What is this place?” John asked as we met in a corridor of the healthcare residences at Kidron Bethel Village. I thought he was referring to the place where he was living. I assumed his dementia was intensifying.
I noticed he was tapping his head, and then he placed his hands over his heart and asked again: “What is this place?”
“What do you mean, John?” I asked.
“I mean, this moment, this place in my life.”
There was a long silence. “Sometimes it feels like life is carving away at you,” John said. “The chips are flying everywhere, and you have no idea what is emerging.”
John was a wood sculptor. His art defined the changes of his final years.
John died about a year and a half ago. As I remember our conversation now, I think he perfectly described how even in the midst of great loss — of abilities, self-identities, memories — something true, real and soulful was trying to find expression.
Our lives pass in the continuity of time, the steady flow of moments, days, years. The Greek philosopher Heraclitus said one never steps in the same river twice, for it is not the same river, and you are not the same person.
The markers we use for stages of life are subjective and arbitrary. We call 18-year-olds adults, though we know they are not completely mature. We describe people as boomers, Gen Xers or millennials, but we know there are no clear lines to divide the generations.
And yet, there are times when we stand on new ground. We have fundamentally changed. The ways we once made meaning no longer suffice. Whether we are an identity-seeking young adult, a purpose-striving middle-ager or a legacy-creating elder, we ask: “What is this place? Who am I now?”
Sometimes a dramatic transformation or unexpected trial brings us to such a place. Often, though, it emerges through the accumulation of routine encounters, seemingly insignificant learnings and letting-go moments that naturally unfold. Then, like a swell in the ocean that reaches the shore, it rises into a cresting wave of change.
Carl Jung, the 20th-century Swiss psychologist, observed: “One cannot live the afternoon of life according to the program of life’s morning; for what was great in the morning will be of little importance in the evening, and what in the morning was true will at evening have become a lie.”
How true. And how strange, then, that we devalue certain ages and stages of life. When we place ultimate value on youthful vigor, speed, productivity, efficiency and strength, we devalue the youngest and the oldest. This is ageism: dismissing people based upon their age.
Growing old is particularly disparaged because it is associated with weakness, slowness, irrelevance, sickness and, of course, mortality. We fail to see the blessings and opportunities that emerge as we grow older and approach the threshold of our death.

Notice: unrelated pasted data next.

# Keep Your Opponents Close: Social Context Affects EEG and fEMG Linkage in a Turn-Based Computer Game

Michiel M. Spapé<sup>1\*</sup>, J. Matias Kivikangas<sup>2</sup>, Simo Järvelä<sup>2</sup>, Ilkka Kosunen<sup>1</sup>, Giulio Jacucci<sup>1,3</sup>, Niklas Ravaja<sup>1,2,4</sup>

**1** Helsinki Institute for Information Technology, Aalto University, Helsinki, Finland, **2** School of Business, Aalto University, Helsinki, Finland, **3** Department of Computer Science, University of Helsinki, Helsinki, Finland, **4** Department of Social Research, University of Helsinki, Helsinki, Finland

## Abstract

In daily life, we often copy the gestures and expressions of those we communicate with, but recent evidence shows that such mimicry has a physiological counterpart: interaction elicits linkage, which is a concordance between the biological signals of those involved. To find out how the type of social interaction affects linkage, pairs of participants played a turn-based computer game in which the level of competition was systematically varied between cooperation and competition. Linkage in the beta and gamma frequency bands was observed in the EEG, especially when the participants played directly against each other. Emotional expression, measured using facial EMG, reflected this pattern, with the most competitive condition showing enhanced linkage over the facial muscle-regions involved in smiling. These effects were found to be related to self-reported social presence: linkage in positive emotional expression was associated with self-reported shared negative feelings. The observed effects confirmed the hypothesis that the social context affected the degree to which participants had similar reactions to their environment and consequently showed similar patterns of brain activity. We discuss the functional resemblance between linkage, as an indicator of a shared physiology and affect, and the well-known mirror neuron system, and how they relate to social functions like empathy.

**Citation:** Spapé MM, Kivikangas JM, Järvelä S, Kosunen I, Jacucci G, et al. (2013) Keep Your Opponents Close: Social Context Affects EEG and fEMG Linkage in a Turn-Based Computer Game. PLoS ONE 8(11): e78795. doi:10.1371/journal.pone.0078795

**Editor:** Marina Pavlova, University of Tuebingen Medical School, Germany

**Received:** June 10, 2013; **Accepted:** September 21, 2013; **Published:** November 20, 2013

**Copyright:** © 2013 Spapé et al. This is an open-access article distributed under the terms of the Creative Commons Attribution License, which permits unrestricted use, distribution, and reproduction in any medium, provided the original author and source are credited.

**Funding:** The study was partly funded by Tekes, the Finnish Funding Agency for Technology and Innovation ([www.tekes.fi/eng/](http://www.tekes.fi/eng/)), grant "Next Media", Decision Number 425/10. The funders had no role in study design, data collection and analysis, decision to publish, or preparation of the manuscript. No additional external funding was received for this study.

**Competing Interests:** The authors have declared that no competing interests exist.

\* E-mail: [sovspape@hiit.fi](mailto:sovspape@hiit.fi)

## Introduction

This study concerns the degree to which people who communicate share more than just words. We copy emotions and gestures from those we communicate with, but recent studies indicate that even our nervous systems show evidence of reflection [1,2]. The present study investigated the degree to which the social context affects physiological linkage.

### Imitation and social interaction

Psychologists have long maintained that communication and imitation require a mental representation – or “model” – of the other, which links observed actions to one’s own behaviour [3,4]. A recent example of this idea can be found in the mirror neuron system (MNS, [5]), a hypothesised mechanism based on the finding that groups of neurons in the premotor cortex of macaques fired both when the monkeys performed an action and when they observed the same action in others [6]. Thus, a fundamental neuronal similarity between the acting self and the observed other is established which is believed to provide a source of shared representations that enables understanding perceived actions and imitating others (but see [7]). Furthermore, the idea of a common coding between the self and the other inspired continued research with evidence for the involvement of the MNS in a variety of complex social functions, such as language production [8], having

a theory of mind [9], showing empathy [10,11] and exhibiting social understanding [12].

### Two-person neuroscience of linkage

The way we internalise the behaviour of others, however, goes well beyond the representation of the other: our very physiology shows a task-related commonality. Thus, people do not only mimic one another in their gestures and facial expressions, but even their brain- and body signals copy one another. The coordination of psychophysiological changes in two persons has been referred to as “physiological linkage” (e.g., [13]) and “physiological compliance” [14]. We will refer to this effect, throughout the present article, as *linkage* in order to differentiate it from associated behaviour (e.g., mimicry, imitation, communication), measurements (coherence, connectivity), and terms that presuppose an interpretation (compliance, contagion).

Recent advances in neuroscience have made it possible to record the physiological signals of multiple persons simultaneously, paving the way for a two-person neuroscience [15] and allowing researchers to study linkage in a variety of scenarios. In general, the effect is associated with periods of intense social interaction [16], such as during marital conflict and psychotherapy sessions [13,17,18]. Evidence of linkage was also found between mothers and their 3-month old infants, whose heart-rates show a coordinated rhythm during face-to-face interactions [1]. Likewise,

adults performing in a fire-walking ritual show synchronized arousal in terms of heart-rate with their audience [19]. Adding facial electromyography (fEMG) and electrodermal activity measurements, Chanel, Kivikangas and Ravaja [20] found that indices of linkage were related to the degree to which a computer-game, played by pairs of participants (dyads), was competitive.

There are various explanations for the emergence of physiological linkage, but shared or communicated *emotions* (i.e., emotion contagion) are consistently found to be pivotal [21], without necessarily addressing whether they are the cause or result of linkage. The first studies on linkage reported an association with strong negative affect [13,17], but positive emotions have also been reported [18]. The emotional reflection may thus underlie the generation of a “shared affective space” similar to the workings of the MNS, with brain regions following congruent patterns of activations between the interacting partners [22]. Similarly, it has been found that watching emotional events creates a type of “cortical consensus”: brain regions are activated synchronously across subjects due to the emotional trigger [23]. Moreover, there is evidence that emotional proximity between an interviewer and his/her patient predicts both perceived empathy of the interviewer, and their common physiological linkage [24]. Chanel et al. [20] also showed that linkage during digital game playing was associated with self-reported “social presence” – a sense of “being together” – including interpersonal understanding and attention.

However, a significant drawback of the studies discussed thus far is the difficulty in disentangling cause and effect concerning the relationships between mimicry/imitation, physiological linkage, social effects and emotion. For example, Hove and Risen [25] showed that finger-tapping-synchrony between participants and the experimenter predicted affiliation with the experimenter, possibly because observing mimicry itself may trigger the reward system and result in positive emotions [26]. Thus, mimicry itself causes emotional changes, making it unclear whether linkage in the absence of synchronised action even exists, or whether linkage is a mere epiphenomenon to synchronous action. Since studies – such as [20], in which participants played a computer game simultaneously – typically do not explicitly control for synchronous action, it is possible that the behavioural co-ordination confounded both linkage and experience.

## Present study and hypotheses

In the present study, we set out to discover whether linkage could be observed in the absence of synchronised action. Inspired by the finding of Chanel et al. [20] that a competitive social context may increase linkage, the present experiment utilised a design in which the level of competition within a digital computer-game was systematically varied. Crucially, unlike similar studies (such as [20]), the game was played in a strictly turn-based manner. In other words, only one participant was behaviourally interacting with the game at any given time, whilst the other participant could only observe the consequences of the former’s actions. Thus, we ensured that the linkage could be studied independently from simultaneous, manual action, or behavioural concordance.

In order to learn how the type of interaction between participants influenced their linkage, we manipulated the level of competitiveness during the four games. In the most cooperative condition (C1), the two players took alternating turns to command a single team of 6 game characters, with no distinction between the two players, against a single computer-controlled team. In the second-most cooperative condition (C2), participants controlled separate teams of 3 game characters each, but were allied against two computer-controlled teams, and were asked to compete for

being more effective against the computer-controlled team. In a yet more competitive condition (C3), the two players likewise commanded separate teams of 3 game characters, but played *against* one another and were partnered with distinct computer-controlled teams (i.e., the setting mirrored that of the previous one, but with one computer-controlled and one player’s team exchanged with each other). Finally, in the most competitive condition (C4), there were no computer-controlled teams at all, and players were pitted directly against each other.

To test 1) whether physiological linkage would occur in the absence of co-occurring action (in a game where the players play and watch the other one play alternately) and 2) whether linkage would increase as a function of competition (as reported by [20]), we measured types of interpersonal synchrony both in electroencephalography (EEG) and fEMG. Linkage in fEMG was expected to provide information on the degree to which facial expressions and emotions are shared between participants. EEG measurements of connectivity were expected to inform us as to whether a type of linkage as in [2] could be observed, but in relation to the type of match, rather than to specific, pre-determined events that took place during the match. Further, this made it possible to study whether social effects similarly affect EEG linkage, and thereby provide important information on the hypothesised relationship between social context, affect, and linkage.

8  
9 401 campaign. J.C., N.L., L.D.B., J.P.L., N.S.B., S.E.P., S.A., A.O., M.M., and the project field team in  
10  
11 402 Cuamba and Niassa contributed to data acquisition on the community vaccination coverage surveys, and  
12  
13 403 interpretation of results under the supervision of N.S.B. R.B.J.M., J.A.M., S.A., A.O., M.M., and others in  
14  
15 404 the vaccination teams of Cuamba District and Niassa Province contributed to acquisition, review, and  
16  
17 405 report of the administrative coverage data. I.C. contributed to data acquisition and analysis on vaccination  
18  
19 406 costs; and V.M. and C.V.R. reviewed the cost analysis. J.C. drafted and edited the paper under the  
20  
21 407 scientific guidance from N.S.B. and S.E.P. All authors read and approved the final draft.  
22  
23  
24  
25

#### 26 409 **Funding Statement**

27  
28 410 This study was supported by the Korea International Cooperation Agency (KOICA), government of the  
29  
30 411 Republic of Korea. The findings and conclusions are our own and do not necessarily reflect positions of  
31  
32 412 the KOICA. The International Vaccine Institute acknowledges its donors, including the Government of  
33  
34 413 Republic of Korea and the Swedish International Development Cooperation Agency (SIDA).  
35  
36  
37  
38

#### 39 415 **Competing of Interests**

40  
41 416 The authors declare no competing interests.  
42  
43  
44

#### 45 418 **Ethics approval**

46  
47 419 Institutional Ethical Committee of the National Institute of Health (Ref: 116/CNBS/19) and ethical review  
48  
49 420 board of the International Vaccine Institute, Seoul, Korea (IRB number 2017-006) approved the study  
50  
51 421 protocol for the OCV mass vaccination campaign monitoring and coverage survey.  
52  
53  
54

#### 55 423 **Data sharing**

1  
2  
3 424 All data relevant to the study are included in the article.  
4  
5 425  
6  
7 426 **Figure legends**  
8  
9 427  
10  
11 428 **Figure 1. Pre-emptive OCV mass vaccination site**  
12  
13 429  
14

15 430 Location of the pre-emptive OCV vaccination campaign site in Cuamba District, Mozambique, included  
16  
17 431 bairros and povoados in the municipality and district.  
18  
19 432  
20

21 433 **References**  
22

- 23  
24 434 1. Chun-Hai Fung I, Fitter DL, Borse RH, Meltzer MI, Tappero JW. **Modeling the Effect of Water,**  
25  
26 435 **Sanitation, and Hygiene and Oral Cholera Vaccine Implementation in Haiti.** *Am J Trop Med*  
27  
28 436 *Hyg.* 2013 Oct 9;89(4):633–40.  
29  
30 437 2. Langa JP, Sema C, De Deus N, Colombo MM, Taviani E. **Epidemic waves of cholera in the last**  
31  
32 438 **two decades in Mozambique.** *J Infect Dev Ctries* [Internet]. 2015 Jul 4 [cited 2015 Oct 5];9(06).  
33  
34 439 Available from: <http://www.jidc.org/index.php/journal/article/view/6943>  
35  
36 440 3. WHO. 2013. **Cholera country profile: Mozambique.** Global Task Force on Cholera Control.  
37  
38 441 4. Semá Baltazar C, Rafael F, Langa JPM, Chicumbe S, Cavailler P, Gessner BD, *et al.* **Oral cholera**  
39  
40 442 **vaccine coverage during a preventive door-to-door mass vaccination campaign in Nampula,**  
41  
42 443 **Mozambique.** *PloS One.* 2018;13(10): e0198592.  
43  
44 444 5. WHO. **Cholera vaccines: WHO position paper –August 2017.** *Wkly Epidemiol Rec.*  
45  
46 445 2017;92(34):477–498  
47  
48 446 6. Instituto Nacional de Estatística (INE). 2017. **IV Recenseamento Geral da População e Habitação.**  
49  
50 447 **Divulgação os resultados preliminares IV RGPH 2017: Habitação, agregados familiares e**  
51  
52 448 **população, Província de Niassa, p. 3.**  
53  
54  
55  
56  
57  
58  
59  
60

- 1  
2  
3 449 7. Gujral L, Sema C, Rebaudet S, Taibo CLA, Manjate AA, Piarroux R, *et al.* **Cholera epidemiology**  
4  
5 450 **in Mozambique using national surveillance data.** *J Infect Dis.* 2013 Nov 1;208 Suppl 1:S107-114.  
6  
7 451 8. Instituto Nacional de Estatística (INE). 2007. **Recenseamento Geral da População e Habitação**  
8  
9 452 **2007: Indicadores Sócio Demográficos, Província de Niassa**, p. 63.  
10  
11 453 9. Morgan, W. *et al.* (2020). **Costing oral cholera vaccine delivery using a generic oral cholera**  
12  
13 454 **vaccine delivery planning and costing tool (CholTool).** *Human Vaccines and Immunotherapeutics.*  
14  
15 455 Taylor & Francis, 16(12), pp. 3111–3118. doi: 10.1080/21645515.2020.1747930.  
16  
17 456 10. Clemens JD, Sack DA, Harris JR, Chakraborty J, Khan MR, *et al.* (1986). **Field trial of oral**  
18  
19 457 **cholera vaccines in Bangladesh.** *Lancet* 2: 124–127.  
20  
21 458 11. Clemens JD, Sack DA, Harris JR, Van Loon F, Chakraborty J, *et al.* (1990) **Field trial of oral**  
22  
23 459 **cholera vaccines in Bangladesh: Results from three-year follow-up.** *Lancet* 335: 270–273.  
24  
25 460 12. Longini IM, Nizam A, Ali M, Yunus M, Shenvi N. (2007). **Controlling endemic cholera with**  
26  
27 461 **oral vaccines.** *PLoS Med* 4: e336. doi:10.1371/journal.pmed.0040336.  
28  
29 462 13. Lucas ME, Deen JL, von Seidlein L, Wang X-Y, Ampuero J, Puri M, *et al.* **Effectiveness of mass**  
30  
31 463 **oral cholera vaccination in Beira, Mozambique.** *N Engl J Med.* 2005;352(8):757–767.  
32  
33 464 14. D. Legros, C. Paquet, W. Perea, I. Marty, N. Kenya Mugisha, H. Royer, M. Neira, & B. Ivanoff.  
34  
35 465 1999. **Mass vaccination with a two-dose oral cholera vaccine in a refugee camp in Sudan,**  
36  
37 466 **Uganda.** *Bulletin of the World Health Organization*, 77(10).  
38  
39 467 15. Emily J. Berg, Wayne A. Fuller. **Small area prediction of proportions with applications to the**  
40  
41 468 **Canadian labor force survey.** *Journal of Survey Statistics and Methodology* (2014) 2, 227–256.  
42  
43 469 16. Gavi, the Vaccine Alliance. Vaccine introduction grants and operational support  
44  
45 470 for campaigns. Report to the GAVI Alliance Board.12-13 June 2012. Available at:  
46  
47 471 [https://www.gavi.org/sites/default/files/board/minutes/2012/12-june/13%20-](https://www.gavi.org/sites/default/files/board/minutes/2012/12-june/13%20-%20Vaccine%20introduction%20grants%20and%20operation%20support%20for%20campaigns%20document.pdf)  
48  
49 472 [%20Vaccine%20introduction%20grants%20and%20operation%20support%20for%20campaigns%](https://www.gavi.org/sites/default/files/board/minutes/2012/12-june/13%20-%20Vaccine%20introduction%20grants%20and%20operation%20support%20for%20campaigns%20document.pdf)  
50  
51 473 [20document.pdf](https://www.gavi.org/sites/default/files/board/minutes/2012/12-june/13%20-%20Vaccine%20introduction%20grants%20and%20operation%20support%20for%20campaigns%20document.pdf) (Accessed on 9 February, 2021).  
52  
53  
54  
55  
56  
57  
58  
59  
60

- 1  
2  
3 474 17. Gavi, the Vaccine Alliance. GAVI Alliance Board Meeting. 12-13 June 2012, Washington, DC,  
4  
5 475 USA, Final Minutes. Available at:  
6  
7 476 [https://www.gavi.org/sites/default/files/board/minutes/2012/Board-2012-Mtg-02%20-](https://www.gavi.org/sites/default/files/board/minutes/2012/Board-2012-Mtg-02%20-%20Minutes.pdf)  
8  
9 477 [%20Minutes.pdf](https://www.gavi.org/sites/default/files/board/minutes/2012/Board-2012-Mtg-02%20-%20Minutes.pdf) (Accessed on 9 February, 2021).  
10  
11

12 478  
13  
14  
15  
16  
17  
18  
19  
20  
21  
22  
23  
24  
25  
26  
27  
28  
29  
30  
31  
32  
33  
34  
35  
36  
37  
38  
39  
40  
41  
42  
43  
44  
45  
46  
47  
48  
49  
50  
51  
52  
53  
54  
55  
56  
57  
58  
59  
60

In the Gospel stories, Jesus’ first words to Peter are the same as his last: “Follow me.” Jesus affirms that the path of faithful discipleship and spiritual growth is ever-deepening. It is lifelong. There is no point of total illumination beyond which no further growth is possible. No stage of life or point in time has greater value than another. All ages are precious. All people are worthy of love.
As life changes, so do opportunities for growth as followers of Jesus. He is always there, inviting us to come and see more, to come and learn more about our God-given capacity to give and receive love.
One of the most important and unlikely teachers of God’s invitation to grow throughout my aging journey was Sophie. I say unlikely because when I first met Sophie she was already in the late stages of dementia. When she spoke, her words were impossible to decipher.
Her physical abilities were declining along with her deteriorating brain. She communicated largely through emotions.
I assumed something essential within Sophie had already died.
One morning I noticed Sophie sitting in her favorite recliner, quietly watching people pass by. I was late, distracted by tasks to be done. But something in my mind said, “Go, say ‘good morning’ to Sophie.”
I knelt by her chair and gently rested my hand on hers. “Good morning, Sophie,” I said.
She looked up, and her eyes met mine. She grasped my hand. As if a thin veil had lifted, her eyes brightened, and she said with a smile: “Oh, it’s you!”
I wondered who she thought I was.
“Yes, it’s me,” I said. “It’s good to see you.”
We smiled and shared a long silence. Then she exclaimed: “I think you are so alive!”
Shocked at the clarity of her speech and the force of her words, I replied, “Oh, Sophie. I think you are so alive, too!”
She threw her head back and let out a shoulder-shaking laugh.
“Oh, I don’t know,” she said. “I think I’ll be going soon, but I don’t know when.”
The veil dropped as quickly as it had lifted. Sophie’s gaze fell away from mine. Her grip on my hand went slack.
That moment with Sophie was one of the purest meetings of souls I have ever experienced. It was with someone whose soul-fullness I had, unfortunately, doubted.
Sophie taught me that no age or stage in life — no loss, wound, illness or trespass — can diminish the abiding place within each one of us where the love of God is pleased to dwell.
Every encounter with every person we will ever meet offers an opportunity to practice the love of the God who is here, within us and among us.
Each day you are given to live this precious life, remember what Sophie said: “You are so alive!”
Eric Massanari is a chaplain at Kidron Bethel Village in North Newton, Kan., and a spiritual director in private practice.
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